LONDON (Reuters) - Rupert Murdoch faces a 22 billion pound ($29.3 billion) fight with U.S. cable company Comcast for European pay-TV company Sky after Britain cleared his bid providing he sells off its TV news business.
A sale of Sky News to Disney or another third party would be enough to allay concerns over the 87-year-old media mogul’s influence, Britain said on Tuesday.
Murdoch’s Twenty-First Century Fox launched a 10.75 pound-a-share bid to buy all of Sky in December 2016, but the takeover has been held up by politicians and regulators who fear it will give him too much sway when combined with his newspaper interests.
Comcast took advantage of the delay to make its own move on Sky, with a 12.50 pounds-a-share bid in April trumping the long-standing Fox offer.
Shares in Sky rose 0.3 percent to 13.54 pounds, indicating that investors think the drama has a long way to run.
Analysts at Credit Suisse said that with Fox having pursued Sky for 16 months through a long regulatory process, they would expect it to make an increased bid for Sky in excess of the Comcast bid.
“In our view the Sky share price is already anticipating such an outcome with the shares closing on June 4 at 13.50 pounds, 8 percent ahead of the Comcast bid,” they said.
Even if Fox beats Comcast, Murdoch’s control of the whole group is unlikely to last long because he has agreed to sell many of his TV and film assets, including Sky, to Walt Disney Co in a separate $52 billion deal.
Culture Secretary Matt Hancock said Fox’s final proposal made to divest Sky News to Disney, or to an alternative suitable buyer, with funding secured for at least 10 years, was likely to be the best remedy for the public interest concerns that had been identified.
But he said he needed to be sure that Sky News remained financially viable over the long term, was able to operate as a major UK-based news provider and was able to take its editorial decisions independently.
The extra commitments will be the subject of consultation in the next 15 days with a view to agreeing an acceptable remedy, he said.
“I am optimistic that we can achieve this goal, not least given the willingness 21st Century Fox has shown in developing these credible proposals,” he told lawmakers.
Disney said it welcomed the announcement and was ready for any discussions requested by the UK secretary.
Comcast announced its firm offer for Sky in April, resulting in Sky’s independent board members withdrawing their recommendation of the offer from Fox, which already owns 39 percent of Sky.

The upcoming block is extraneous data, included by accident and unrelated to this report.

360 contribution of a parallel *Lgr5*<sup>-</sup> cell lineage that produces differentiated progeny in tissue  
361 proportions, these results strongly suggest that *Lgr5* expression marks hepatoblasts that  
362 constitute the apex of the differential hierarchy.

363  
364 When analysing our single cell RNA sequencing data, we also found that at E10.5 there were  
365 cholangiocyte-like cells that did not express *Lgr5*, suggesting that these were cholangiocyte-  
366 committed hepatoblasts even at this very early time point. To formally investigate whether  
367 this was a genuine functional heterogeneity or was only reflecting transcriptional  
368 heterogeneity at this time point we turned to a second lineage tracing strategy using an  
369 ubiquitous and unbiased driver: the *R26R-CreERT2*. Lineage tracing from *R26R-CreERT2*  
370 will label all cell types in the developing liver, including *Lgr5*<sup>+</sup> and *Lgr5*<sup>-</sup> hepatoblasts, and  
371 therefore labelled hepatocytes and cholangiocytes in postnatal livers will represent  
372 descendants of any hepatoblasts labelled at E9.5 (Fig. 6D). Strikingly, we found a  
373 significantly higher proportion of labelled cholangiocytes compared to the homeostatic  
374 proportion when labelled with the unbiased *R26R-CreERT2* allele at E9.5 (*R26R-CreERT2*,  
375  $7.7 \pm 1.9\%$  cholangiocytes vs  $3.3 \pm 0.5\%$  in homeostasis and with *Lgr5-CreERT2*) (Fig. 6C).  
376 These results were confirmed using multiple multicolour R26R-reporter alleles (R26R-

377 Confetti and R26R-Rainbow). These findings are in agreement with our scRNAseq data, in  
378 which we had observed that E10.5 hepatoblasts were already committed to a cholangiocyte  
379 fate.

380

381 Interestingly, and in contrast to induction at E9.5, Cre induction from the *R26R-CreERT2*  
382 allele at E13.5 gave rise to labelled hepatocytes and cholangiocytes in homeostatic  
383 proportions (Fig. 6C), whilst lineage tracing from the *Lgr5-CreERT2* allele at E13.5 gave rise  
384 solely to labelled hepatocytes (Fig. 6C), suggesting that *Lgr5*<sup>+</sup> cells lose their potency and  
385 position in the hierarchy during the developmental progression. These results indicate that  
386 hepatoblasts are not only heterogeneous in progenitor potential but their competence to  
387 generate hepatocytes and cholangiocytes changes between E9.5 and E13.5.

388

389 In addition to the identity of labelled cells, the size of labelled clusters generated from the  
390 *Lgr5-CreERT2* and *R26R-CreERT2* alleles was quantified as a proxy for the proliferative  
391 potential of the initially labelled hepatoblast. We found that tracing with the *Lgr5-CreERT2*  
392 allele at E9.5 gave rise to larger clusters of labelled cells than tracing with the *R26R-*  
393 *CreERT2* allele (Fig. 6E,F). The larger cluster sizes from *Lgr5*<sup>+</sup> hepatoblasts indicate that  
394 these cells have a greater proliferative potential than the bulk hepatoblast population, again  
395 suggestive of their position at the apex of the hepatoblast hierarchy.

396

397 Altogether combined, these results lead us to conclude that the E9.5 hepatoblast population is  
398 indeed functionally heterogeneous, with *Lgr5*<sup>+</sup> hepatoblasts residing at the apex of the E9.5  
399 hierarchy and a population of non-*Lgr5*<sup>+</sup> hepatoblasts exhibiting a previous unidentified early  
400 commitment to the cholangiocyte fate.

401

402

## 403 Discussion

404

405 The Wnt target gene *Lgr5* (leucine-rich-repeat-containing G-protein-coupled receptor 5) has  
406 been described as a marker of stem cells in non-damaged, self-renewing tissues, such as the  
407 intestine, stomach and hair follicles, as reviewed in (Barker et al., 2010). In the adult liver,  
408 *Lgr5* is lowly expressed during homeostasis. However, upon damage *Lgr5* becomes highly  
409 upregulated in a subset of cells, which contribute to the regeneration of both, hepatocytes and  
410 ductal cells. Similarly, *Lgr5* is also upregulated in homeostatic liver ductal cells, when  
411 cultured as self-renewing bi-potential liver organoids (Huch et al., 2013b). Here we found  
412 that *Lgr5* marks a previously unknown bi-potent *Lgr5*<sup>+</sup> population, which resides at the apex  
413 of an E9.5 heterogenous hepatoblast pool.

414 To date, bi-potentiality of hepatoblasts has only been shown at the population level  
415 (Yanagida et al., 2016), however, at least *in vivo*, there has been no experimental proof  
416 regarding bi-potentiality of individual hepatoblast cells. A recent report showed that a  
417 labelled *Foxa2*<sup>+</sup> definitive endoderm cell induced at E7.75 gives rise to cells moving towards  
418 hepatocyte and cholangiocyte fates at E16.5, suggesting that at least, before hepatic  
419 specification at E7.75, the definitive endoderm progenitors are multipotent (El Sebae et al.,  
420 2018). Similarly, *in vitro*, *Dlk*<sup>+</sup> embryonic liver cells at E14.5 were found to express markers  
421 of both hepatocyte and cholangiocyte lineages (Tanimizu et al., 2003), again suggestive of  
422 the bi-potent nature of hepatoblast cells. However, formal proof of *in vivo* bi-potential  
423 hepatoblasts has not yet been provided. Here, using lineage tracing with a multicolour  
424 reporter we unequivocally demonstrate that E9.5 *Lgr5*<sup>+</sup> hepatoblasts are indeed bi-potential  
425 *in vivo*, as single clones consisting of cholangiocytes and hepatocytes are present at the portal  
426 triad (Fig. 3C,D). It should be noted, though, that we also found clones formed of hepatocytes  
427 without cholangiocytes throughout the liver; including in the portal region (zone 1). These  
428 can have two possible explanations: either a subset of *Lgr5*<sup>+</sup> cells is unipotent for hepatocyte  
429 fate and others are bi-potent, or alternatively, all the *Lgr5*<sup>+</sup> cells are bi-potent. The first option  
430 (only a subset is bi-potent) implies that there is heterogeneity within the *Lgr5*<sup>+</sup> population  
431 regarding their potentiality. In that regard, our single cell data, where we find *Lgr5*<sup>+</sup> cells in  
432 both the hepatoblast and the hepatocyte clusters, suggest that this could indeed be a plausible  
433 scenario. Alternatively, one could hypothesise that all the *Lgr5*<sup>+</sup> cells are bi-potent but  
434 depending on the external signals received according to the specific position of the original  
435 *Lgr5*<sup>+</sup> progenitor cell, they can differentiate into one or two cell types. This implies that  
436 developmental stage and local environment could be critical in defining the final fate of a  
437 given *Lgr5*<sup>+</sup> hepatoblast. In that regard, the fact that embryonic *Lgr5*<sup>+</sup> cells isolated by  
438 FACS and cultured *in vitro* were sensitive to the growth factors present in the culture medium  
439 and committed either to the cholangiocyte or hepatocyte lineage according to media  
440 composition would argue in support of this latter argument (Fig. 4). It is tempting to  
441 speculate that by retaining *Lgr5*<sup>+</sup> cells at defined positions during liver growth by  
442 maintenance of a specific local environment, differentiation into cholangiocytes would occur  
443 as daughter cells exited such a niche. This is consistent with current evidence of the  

Hancock confirmed on Tuesday that he would not intervene in regards to Comcast, either on the grounds of broadcasting standards or on media plurality.
Sky was formed in 1990 when Murdoch merged his fledgling British satellite TV service with a rival.
The company is chaired by Murdoch’s son James, who played a key role in building the company into a major European broadcaster with operations in Germany, Austria and Italy as well as Britain.
Its customer base now numbers nearly 23 million homes, a major prize for media groups that want to scale up against online groups Netflix and Amazon.
The already complex deal permutations around Sky became even more complicated last month when Comcast said it was preparing a higher, all-cash offer for all of the assets Fox had agreed to sell to Disney.
Fox welcomed Hancock’s announcement, and noted that it had already proposed divesting the platform’s 24-hour news channel to Disney regardless of the fate of its bid for the wider Fox assets.
“We now look forward to engaging with DCMS (Department of Culture, Media and Sport) and we are confident that we will reach a final decision clearing our transaction,” Fox said in a statement.
Sky noted the decision regarding both Fox and Comcast, and said its independent directors were mindful of their fiduciary duties and remained focused on maximising value for Sky shareholders.
Hancock’s decision came after an investigation by the Competition and Markets Authority (CMA) into whether controlling Sky would give Murdoch, who also owns the Times and Sun newspapers, too much influence on Britain’s news media.
Reporting by Paul Sandle; Additional reporting by Peter Henderson; Editing by Stephen Addison, Keith Weir and Peter Cooney